Care must, of course, be taken to prevent the heat evolved by the carbon combustion to increase the temperature of the treated nitride to above 800 C. or even about 850 C., at which temperature nitride oxidation begins to be noticeable. In order to dissipate the heat of combustion, it is sufiicient to resort to known methods, such as, for instance, dilution of the oxidizing gas by nitrogen or carbon dioxide. Another convenient mode of carrying out this step of carbon elimination in the process of the invention consists in admixing water vapor to the oxidizing gas, which vapor, surprisingly enough, does not attack aluminum nitride at the stated temperature range contrary to expectation. This can be explained by the fact that, in this case, the exothermal nature of the combustion reaction is limited by the endothermal nature of water gas formation which occurs when water vapor reacts with carbon.
The process according to the invention is further illustrated by a number of examples given below which are, however, not meant to be limitative in any way:
Example I In a graphite vertical collar of 28 centimeters internal diameter and externally heated to a uniform temperature of 1700 C. there are charged:
'23 kilograms alumina-carbon briquettes of 7 to millimeters diameter grain size, prepared from 16.5 kg. of Bayer alumina and 6.5 kg. of pure coke which passes through a 100 mesh sieve without a residue, the briquettcd material has a porosity of about 50%.
The charge is heated to 1700 C. for two hours, while the collar is simultaneously traversed from bottom to top by a nitrogen stream of 100 liters/minute.
After cooling down to 800 C. in a nitrogen atmosphere "13.8 kg. of a product, the analysis of which shows a content of Percent AI'N 95.2 C 4.2
and "Al- '0 0.6
,is removed from the furnace.
After roasting in air at 700 to 800 C., the residual product shows the following analyses:
Percent AlN 99.0 C 0.35
Example 1] Through the same furnace charged with the same briquettes as in Example I, the same total quantity of nitrogen, i.e. 12,000 liters, is passed during 3 hours 20 minutes, however, at a rate of flow of 60 liters/minute, that is to say, with an instantaneous nitrogen rate of flow which is substantially lower than that of Example I.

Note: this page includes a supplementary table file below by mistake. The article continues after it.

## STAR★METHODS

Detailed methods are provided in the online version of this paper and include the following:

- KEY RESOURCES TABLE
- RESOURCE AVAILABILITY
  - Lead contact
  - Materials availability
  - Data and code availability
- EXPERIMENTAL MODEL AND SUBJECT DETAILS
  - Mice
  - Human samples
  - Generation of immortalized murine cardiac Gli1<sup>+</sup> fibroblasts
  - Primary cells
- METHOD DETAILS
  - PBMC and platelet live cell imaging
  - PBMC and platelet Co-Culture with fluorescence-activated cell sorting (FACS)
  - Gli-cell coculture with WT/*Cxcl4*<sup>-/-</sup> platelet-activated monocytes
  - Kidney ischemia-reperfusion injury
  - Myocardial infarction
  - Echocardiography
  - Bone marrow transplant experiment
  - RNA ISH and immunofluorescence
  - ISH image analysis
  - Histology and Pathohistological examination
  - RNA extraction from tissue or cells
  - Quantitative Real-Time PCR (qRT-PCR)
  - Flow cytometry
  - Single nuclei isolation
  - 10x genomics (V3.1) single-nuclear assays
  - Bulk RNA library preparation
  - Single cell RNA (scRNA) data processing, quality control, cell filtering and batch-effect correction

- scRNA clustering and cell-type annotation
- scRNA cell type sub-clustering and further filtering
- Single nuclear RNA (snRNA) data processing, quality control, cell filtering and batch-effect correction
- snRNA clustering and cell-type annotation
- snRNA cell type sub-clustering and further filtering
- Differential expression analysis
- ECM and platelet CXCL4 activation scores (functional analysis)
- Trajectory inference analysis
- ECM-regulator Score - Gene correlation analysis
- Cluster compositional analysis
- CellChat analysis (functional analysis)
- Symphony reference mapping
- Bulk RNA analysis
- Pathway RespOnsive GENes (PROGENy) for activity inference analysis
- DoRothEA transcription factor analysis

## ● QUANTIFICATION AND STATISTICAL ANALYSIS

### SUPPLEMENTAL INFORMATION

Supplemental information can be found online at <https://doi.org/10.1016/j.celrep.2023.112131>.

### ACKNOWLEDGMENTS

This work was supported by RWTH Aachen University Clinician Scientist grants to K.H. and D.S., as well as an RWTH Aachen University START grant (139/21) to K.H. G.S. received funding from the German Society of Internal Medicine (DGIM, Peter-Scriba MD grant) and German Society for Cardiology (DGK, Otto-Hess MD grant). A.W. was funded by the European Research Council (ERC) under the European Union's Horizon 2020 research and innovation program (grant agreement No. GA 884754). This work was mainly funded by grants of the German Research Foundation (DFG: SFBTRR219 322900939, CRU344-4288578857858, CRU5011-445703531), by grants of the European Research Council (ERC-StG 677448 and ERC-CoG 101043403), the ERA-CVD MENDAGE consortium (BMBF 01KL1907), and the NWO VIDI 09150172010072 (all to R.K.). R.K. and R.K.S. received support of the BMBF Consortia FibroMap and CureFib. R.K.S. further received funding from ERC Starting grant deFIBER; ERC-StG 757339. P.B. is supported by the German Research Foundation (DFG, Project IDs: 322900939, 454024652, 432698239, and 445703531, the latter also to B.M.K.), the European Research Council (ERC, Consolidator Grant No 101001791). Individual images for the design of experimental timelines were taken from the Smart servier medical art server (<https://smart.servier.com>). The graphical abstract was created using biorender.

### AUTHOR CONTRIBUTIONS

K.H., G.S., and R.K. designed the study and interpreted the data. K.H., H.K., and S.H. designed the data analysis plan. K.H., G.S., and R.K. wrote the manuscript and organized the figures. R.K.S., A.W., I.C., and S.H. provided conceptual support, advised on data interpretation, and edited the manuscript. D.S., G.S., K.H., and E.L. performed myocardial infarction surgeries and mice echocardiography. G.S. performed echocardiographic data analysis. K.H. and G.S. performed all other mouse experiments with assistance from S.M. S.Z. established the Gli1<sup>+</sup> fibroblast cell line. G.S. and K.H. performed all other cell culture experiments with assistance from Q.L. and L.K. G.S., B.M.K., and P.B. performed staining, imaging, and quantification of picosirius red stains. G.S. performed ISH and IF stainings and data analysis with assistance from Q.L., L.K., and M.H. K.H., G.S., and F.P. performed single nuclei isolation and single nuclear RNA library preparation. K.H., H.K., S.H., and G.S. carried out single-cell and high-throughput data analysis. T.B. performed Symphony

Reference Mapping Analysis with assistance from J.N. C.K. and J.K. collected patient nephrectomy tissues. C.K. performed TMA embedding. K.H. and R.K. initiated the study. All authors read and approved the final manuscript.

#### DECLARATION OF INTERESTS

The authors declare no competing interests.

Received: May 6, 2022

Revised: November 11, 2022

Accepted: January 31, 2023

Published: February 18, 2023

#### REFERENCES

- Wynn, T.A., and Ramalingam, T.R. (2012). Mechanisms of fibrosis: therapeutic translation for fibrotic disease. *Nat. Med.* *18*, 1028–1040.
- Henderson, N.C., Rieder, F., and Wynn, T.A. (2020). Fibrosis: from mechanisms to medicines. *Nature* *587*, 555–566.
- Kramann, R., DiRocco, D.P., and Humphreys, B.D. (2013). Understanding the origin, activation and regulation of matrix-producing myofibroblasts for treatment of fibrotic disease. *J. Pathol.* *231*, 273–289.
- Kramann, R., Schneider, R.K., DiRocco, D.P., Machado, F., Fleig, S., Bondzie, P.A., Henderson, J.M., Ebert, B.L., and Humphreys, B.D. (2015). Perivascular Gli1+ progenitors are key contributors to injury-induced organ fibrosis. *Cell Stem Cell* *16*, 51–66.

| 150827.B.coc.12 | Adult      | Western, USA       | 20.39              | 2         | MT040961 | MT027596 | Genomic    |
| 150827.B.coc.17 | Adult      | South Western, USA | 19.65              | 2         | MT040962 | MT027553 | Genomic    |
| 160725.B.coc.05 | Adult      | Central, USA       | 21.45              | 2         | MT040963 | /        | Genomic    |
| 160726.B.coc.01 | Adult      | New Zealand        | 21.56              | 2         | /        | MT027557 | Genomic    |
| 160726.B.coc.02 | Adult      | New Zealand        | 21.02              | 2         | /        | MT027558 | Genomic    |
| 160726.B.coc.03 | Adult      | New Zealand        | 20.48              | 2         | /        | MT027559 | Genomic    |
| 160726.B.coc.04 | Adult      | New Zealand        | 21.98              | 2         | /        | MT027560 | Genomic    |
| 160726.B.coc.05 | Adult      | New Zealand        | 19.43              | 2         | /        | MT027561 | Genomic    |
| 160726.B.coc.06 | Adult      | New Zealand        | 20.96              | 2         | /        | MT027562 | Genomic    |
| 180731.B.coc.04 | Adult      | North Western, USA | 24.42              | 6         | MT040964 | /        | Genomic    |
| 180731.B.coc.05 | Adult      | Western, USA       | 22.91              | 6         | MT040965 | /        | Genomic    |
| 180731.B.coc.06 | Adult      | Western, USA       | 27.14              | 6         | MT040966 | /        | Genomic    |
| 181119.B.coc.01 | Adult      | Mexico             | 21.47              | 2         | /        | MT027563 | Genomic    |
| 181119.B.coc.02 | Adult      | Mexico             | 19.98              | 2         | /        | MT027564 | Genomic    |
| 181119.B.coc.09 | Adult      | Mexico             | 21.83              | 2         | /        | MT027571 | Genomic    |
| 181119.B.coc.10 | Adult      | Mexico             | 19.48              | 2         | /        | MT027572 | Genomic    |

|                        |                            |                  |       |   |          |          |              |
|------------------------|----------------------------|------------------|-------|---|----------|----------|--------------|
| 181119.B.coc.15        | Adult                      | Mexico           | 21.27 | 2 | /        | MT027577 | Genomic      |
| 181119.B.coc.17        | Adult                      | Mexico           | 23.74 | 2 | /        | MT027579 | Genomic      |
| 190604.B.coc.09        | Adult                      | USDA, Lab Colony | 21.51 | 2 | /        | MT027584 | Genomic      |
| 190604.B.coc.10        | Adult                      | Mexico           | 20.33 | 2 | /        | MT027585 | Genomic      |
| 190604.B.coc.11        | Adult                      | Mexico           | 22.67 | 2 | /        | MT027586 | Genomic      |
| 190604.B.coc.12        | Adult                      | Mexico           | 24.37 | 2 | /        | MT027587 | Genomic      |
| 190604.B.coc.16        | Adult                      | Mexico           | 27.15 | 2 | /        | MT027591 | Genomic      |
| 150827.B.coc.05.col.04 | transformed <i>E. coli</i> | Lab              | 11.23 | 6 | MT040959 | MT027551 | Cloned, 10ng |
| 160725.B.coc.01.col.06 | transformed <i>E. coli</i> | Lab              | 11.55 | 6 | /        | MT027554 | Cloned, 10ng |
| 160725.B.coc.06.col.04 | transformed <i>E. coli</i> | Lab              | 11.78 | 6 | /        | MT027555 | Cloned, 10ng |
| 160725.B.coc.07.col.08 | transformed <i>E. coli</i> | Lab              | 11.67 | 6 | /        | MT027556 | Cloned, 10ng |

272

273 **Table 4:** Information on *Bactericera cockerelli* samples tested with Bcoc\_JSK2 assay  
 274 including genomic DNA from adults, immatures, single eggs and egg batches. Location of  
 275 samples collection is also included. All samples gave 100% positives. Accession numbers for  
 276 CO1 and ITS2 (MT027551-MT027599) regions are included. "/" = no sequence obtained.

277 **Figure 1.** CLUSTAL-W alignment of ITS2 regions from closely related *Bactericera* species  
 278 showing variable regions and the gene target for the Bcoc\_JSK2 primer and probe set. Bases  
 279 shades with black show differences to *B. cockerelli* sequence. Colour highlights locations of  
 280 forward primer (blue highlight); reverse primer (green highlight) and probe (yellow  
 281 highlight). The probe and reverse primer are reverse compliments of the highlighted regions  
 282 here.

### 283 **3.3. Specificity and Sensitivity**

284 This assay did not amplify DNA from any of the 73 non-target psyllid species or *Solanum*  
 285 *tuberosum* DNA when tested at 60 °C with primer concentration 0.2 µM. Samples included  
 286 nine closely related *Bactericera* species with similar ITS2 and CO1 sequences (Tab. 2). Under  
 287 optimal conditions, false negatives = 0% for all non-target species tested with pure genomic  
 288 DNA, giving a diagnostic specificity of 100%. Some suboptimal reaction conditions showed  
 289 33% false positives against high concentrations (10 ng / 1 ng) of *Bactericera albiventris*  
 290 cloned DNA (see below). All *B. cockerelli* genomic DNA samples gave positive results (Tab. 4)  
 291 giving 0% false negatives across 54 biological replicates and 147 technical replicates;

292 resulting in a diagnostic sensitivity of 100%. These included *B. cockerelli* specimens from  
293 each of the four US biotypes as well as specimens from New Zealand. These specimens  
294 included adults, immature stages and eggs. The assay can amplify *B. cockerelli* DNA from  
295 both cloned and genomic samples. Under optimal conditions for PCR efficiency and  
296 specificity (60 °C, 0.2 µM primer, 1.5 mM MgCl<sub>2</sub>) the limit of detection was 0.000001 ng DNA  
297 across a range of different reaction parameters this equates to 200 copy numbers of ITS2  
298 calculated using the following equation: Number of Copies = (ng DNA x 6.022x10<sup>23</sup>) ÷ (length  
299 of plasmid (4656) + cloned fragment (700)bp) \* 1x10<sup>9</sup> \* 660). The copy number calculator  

It is found that local meltings and caking occur in the charge, and that the resulting aluminum nitride contains 17% alumina which content cannot be lowered by prolonging the treatment with nitrogen.
It will be understood that while there have been given herein certain specific examples of the practice of this invention, it is not intended thereby to have this invention limited to or circumscribed by the specific details of materials, proportions or conditions herein specified, in view of the fact that this invention may be modified according to individual preference or conditions without necessarily departing from the spirit of this disclosure and the scope of the appended claims.
What we claim is:
1. In a process for producing aluminum nitride by reacting a charge containing alumina and carbon with gaseous nitrogen, the improvement which comprises maintaining a reaction temperature of 1600-1750 C. and continuously passing said gaseous nitrogen through said alumina and carbon charge at such a rate as to maintain in the exhaust gases at all times during the reaction a nitrogen concentration of at least 30% by volume and sufiicient to prevent the formation of local melts, the lower the temperature, the higher the nitrogen concentration required.
2. The process of claim 1, wherein the coolest part of the reaction mass is 1700 C., and the nitrogen concentration in the exhaust gases is at least 40% by volume.
3. The process of claim 1, wherein the coolest part of the reaction mass is 1600 C. and the nitrogen concentration in the exhaust gases is 70% by volume.
4. The process of claim 1, wherein there is provided sufiicient carbon to maintain an excess over the carbon required to fulfill the conditions represented by the following two equations:
thereby ensuring a complete reaction.
5. The process of claim 2, wherein there is provided sufficient carbon to maintain an excess over the carbon required to fulfill the conditions represented by the following two equations:
tent of the exhaust gas is lowered to that value corresponding to the carbon monoxide content found in the exhaust gases when there is no carbon and alumina chargein the furnace.
7. The process of claim 2, wherein the nitridation is immediately discontinued after the carbon monoxide content of the exhaust gas is lowered to that value corresponding to the carbon monoxide content found in the exhaust gases When there is no carbon and alumina charge in the furnace.
8. The process of claim 4, wherein said aluminum nitride product is brought into contact with a free oxygencontaining atmosphere at a temperature between 600- 850 0., whereby the carbon is burned off, thereby producing an aluminum nitride having a purity higher than 97%. a
9. The process of claim 5, wherein said aluminum 15 nitride product is brought into contact with a tree oxyducing an aluminum nitride having a purity higher than Reterences Cited in the file of this patent UNITED STATES PATENTS I 987,408 Serpek Mar; 2'1',' 1911 0 1,030,929 Serpek a--. July 2, 1912 1,393,372 Hoopes Oct. 11, 1921 i FOREIGN PATENTS 17,611 Great Britain 1909